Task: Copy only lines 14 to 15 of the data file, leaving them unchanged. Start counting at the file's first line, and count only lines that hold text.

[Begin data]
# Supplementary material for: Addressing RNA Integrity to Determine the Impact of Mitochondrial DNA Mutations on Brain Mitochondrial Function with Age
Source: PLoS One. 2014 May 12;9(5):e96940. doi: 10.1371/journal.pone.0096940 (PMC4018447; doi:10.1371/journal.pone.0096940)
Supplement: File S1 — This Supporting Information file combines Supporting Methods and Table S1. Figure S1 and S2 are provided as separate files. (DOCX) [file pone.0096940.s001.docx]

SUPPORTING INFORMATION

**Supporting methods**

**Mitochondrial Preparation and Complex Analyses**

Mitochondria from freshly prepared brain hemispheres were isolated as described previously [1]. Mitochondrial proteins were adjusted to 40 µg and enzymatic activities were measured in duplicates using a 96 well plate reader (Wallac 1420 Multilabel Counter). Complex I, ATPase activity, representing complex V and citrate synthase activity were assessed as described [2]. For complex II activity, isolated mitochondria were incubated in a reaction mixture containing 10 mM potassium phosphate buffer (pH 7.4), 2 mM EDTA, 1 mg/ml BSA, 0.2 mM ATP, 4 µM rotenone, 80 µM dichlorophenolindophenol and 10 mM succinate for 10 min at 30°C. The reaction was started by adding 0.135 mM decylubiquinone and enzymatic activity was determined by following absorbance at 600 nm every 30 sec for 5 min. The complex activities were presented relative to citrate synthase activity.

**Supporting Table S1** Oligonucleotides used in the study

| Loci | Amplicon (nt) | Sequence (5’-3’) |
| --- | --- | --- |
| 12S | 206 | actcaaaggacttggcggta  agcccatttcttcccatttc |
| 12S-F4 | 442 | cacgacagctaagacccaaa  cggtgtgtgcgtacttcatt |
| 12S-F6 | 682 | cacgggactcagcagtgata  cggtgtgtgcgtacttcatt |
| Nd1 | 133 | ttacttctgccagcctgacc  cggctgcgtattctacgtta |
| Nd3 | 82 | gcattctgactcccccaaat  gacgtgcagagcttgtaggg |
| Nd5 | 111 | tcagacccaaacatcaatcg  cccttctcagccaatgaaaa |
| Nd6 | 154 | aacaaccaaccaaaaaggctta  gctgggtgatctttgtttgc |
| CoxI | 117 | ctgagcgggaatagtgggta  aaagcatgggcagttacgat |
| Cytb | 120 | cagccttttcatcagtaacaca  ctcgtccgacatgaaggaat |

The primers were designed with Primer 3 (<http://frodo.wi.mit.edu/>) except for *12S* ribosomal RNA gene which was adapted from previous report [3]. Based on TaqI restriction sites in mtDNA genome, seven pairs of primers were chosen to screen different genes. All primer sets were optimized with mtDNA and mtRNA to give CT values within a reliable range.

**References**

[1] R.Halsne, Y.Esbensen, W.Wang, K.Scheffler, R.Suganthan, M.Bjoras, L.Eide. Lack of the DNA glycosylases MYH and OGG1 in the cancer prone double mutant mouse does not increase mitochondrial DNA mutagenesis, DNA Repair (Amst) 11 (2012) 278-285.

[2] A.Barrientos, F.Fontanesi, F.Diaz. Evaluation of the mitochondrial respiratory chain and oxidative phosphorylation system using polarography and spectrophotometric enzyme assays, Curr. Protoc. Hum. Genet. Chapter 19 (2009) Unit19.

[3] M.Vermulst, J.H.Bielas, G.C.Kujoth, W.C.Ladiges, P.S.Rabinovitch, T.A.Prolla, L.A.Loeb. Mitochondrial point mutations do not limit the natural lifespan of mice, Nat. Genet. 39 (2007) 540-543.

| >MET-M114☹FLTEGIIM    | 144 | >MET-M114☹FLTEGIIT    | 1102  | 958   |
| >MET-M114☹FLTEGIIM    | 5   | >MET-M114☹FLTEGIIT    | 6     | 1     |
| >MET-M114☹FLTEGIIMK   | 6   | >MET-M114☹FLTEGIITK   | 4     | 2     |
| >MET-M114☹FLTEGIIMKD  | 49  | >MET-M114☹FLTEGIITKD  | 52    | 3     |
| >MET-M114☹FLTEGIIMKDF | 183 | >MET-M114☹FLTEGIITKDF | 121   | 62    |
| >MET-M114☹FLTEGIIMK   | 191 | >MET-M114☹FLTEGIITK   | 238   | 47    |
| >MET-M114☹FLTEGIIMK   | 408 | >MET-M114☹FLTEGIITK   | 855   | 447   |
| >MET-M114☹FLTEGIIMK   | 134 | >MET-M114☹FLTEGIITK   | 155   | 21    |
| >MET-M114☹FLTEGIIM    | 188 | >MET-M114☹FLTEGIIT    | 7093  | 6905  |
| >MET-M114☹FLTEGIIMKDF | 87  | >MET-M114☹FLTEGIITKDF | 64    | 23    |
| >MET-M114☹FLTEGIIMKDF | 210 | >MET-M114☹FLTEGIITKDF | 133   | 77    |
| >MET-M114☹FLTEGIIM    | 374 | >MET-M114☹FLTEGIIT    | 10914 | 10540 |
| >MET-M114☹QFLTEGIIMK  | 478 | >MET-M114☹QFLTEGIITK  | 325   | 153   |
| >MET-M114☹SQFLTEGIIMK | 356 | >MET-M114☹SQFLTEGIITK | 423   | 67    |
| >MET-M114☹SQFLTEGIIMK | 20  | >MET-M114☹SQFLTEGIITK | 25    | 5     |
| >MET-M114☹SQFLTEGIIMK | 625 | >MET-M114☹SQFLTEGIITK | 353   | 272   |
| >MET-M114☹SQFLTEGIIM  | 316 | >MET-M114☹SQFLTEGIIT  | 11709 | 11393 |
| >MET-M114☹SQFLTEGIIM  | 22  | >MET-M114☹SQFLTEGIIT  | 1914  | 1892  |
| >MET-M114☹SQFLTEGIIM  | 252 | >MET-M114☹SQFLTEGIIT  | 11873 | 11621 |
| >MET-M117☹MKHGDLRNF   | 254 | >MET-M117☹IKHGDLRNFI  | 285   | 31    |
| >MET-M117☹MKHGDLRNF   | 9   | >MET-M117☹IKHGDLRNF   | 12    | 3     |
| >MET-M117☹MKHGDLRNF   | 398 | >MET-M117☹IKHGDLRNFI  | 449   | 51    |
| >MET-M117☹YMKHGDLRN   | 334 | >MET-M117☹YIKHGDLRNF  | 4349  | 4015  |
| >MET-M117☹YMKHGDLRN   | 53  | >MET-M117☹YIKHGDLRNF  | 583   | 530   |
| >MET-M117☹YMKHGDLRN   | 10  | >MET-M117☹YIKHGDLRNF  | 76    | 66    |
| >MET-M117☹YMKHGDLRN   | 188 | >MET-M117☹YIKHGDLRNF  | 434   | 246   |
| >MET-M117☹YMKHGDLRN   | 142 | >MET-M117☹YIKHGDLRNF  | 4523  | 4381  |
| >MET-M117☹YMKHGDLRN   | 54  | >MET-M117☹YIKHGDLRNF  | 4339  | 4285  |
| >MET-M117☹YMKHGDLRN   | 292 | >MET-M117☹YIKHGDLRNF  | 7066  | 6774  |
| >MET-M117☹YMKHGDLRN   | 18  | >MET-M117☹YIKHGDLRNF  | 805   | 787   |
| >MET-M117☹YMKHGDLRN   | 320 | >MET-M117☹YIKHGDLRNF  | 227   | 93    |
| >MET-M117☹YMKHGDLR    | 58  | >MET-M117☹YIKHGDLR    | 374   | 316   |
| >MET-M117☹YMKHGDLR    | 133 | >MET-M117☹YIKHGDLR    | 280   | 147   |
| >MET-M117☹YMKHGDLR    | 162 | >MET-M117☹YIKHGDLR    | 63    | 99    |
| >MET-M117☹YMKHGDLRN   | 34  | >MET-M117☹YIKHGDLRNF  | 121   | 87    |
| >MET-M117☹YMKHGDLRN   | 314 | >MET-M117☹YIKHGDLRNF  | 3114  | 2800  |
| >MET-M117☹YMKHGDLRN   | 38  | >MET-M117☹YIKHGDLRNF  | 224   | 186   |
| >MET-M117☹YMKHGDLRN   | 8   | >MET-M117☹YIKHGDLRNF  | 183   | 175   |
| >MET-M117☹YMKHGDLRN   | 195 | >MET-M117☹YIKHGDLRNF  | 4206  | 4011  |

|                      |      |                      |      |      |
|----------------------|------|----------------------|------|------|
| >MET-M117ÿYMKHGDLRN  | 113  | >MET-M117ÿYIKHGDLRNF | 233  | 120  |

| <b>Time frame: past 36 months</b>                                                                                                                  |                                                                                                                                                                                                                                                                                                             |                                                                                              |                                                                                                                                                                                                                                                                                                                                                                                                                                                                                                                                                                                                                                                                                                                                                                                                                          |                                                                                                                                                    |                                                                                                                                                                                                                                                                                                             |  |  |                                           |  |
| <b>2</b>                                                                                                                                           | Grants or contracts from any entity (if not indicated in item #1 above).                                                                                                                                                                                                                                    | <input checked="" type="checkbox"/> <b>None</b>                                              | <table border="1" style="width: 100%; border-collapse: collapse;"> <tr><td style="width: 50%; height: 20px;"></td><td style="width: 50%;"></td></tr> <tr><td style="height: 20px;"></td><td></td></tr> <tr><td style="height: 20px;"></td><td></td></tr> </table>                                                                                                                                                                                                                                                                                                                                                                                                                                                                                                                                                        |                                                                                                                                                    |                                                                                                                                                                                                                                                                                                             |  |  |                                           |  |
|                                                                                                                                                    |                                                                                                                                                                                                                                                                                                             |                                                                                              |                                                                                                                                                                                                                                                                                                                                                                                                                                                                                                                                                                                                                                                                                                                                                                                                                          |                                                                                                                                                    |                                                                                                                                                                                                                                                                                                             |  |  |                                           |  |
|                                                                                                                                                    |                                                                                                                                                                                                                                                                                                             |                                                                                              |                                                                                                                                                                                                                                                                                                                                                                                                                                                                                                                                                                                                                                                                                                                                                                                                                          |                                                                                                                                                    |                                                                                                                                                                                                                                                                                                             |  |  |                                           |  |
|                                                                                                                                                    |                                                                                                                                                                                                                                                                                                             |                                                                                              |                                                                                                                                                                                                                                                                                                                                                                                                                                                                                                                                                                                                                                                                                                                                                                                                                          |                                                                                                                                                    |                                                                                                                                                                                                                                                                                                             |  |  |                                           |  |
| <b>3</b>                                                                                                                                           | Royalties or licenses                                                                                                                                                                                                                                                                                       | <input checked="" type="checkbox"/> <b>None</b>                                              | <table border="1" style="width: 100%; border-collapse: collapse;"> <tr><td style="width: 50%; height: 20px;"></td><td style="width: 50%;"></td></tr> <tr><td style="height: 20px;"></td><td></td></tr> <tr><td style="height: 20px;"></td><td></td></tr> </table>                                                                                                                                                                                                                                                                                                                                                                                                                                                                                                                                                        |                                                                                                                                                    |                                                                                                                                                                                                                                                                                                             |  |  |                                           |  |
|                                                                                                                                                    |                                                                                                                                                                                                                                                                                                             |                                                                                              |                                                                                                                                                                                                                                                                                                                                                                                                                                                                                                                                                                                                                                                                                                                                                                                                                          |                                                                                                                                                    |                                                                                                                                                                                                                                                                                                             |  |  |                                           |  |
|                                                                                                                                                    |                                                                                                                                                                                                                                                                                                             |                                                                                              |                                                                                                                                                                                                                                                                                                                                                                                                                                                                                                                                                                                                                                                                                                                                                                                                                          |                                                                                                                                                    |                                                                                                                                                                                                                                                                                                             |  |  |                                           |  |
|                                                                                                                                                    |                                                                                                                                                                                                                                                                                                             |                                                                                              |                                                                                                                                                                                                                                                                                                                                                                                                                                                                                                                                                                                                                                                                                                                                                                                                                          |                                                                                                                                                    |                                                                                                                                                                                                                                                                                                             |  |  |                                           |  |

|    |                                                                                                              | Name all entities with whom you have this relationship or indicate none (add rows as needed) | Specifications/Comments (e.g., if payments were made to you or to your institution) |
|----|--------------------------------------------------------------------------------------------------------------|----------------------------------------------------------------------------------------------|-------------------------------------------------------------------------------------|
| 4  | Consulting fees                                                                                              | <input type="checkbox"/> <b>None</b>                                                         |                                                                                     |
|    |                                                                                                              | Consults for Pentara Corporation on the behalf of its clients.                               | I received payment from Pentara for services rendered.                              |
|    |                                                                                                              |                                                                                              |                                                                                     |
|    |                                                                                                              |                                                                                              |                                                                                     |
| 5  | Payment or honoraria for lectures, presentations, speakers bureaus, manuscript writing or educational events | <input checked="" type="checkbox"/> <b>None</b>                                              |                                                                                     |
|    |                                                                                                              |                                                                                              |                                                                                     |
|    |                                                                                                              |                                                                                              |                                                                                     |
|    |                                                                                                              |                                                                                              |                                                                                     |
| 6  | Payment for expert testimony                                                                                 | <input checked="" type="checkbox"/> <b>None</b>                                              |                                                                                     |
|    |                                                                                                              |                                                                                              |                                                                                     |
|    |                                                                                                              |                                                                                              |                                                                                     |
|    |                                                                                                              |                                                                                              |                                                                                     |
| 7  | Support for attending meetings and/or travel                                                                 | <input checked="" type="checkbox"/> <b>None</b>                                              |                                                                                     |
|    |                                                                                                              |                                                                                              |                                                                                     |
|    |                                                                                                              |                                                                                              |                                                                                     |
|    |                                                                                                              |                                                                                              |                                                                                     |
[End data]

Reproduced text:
| Nd1 | 133 | ttacttctgccagcctgacc  cggctgcgtattctacgtta |
| Nd3 | 82 | gcattctgactcccccaaat  gacgtgcagagcttgtaggg |